Besides stretched canvas, other popular painting supports are primed panels (hardwood), copper, aluminium, and primed canvas glued onto panels or boards.


 
 

How to paint with oils: basic techniques

Oil painting techniques are as many as there are artists. There is a huge amount of freedom when painting with oils. To name just a few:

  • Palette knife
  • scumbling
  • glazing
  • wet-in-wet
  • Impasto
  • grisaille
  • blending

 
 

Thinning

Many artist find the oil paint from the tube too stiff and thick and prefer to thin their paints with a medium. This is by no means a must. You can use the paint straight from the tube. Some brands are more fluid than others so it might be worthwhile to experiment a little.

Most artists use some sort of mixture of solvent and linseed oil as their thinning medium.

 
 
 
 
 

Mediums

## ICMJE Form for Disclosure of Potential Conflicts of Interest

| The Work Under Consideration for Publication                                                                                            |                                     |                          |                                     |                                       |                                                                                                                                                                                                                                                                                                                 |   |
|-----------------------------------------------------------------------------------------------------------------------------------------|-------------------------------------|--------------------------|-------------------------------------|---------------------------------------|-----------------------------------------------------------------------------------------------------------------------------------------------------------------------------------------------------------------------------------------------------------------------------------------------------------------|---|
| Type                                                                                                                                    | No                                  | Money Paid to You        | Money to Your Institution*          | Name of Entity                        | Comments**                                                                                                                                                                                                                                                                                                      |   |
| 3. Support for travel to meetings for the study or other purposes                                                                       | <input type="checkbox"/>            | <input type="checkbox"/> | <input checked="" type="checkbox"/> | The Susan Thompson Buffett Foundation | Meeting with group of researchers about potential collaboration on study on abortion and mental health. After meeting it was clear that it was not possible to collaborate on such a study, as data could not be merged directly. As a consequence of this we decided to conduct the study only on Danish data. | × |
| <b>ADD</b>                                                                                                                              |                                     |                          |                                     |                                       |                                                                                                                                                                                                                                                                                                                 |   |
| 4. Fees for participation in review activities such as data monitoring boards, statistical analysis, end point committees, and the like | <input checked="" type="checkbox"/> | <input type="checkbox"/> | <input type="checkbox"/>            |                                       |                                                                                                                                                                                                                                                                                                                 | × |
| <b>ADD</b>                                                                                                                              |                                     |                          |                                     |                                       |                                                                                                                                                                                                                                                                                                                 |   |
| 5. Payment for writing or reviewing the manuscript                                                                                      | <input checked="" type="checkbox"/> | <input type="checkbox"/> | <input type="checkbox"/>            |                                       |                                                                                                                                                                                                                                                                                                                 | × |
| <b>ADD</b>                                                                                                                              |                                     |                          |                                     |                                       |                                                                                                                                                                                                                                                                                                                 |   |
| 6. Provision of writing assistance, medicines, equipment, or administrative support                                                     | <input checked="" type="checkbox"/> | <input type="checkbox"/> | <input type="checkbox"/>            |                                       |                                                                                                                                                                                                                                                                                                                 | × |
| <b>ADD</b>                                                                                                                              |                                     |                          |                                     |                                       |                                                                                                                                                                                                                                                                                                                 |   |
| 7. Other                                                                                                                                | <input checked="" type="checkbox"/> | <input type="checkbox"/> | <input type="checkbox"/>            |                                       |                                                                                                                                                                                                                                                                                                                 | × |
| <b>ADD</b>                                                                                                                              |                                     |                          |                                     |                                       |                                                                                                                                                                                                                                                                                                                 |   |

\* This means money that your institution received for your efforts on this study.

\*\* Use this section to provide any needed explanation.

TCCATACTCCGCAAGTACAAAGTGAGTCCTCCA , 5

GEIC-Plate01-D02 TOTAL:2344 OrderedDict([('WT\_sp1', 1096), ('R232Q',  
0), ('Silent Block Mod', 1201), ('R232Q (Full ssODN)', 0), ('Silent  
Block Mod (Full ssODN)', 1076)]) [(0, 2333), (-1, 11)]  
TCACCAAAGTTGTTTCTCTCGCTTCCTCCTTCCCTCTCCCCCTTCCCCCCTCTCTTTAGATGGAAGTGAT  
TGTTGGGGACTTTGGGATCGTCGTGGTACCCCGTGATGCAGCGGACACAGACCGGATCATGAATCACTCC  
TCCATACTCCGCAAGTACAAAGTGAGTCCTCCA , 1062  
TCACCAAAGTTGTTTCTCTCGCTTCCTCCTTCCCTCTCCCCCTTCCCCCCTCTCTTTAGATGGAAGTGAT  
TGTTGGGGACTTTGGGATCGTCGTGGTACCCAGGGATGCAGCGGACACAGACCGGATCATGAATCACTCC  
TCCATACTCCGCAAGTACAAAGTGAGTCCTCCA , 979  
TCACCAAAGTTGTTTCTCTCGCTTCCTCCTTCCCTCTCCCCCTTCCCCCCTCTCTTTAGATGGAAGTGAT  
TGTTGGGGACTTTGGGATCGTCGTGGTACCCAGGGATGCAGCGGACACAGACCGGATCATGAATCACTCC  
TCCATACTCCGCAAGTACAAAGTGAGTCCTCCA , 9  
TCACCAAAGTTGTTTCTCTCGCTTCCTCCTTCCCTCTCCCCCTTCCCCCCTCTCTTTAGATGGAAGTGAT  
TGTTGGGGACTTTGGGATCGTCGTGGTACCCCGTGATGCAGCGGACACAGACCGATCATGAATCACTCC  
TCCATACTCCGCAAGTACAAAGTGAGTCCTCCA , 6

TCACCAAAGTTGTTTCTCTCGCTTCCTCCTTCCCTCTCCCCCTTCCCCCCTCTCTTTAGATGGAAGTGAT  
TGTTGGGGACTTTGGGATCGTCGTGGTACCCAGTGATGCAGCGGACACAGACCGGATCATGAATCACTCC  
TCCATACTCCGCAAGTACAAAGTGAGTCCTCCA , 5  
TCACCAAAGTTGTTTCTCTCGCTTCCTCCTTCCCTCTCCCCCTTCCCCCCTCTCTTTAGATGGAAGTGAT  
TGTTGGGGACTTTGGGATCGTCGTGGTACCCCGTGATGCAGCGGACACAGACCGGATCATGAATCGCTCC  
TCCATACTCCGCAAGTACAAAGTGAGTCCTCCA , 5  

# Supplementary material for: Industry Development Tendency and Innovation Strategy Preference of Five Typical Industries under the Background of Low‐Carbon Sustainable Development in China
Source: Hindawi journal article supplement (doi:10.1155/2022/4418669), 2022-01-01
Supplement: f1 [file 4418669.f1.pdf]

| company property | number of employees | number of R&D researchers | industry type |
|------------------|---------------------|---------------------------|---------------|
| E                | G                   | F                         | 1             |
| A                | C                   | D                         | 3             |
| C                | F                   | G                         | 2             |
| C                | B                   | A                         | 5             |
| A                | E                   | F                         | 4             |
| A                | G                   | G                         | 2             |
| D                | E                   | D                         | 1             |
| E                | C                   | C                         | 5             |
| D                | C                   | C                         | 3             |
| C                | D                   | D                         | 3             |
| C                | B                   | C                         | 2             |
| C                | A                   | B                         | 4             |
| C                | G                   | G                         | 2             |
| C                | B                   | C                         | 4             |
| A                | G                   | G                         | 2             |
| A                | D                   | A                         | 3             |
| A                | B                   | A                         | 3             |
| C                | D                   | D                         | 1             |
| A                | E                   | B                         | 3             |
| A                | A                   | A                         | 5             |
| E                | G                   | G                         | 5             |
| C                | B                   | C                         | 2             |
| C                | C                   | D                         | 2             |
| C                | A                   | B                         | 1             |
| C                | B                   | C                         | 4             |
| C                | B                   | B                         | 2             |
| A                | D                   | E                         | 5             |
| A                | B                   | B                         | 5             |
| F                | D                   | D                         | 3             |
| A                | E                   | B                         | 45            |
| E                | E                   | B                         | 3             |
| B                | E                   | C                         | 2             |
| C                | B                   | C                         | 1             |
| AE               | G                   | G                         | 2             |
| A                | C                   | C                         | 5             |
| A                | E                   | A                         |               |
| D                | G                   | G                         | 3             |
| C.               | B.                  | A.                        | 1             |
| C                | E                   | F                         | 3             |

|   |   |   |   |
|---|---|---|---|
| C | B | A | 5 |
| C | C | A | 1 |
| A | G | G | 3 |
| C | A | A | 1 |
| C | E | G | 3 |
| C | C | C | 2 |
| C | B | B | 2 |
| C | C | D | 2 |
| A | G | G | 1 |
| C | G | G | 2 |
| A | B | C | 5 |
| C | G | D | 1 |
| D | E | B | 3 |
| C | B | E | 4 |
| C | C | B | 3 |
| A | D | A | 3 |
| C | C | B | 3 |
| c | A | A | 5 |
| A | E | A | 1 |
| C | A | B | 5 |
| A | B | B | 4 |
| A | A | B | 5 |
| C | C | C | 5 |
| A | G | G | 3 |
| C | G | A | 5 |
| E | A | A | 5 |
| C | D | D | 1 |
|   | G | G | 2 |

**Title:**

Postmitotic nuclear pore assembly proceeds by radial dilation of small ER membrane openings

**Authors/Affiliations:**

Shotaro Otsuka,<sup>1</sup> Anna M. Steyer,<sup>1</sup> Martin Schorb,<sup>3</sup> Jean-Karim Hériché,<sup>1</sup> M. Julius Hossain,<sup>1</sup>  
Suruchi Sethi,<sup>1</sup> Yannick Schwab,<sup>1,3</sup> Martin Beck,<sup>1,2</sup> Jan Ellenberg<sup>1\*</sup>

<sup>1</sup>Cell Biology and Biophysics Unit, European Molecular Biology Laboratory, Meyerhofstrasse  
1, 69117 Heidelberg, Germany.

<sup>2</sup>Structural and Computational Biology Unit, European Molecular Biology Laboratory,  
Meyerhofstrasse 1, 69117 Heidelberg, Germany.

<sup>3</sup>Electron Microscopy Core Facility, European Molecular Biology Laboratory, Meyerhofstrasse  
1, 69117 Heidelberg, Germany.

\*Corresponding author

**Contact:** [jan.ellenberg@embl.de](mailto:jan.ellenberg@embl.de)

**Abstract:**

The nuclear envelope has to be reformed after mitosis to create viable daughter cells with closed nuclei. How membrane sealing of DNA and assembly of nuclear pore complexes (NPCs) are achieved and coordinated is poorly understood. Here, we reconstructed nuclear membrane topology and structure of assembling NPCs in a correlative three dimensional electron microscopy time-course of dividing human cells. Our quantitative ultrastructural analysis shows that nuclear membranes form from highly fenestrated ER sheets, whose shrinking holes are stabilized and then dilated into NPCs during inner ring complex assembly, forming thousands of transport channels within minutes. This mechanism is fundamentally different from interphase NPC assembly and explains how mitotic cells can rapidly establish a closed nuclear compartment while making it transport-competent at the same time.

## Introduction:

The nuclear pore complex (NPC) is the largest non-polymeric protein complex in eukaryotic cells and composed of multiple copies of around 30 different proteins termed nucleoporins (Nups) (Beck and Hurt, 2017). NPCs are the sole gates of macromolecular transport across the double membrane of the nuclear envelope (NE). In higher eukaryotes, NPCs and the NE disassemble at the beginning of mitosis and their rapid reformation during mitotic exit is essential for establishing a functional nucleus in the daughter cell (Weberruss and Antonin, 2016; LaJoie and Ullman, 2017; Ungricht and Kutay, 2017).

If you want your paint to do something that it doesn't naturally do, you can use a medium. There are a lot of mediums available. You can find a medium to thicken your paint and create impasto effects. There are mediums to make your paint more fluid, dry quicker, dry slower, add more gloss, spread smoothly, there are mediums for glazing, and so much more. Some artists love to explore all these possibilities but I recommend beginners to simply stay away from mediums and explore oil paint itself first.


 
 
 

Cleaning

There are many ways to clean brushes. You can clean your brushes with solvent, or if you prefer a non-toxic solution, with brush soap. You can also simply wipe most of the paint off onto a rag or some kitchen roll, then swish it into some linseed oil and wipe again to remove the last bits of paint, then wash out the oil with water and soap.

 
 
 

Quick note on toxicity

Oil paints are simply pigment+oil. They do not give off a toxic fume and they do not smell, other than the faint smell of linseed oil. Some pigments are toxic and it is important to always double check to know what you are working with. Solvents are toxic and do give off toxic fumes. Most mediums contain solvents. If you must use a solvent or a medium it is important to keep the container closed so as to avoid any fumes in the air and only use a minimal amount. Make sure you follow the safety instructions provided with the product and beware of other people in your environment.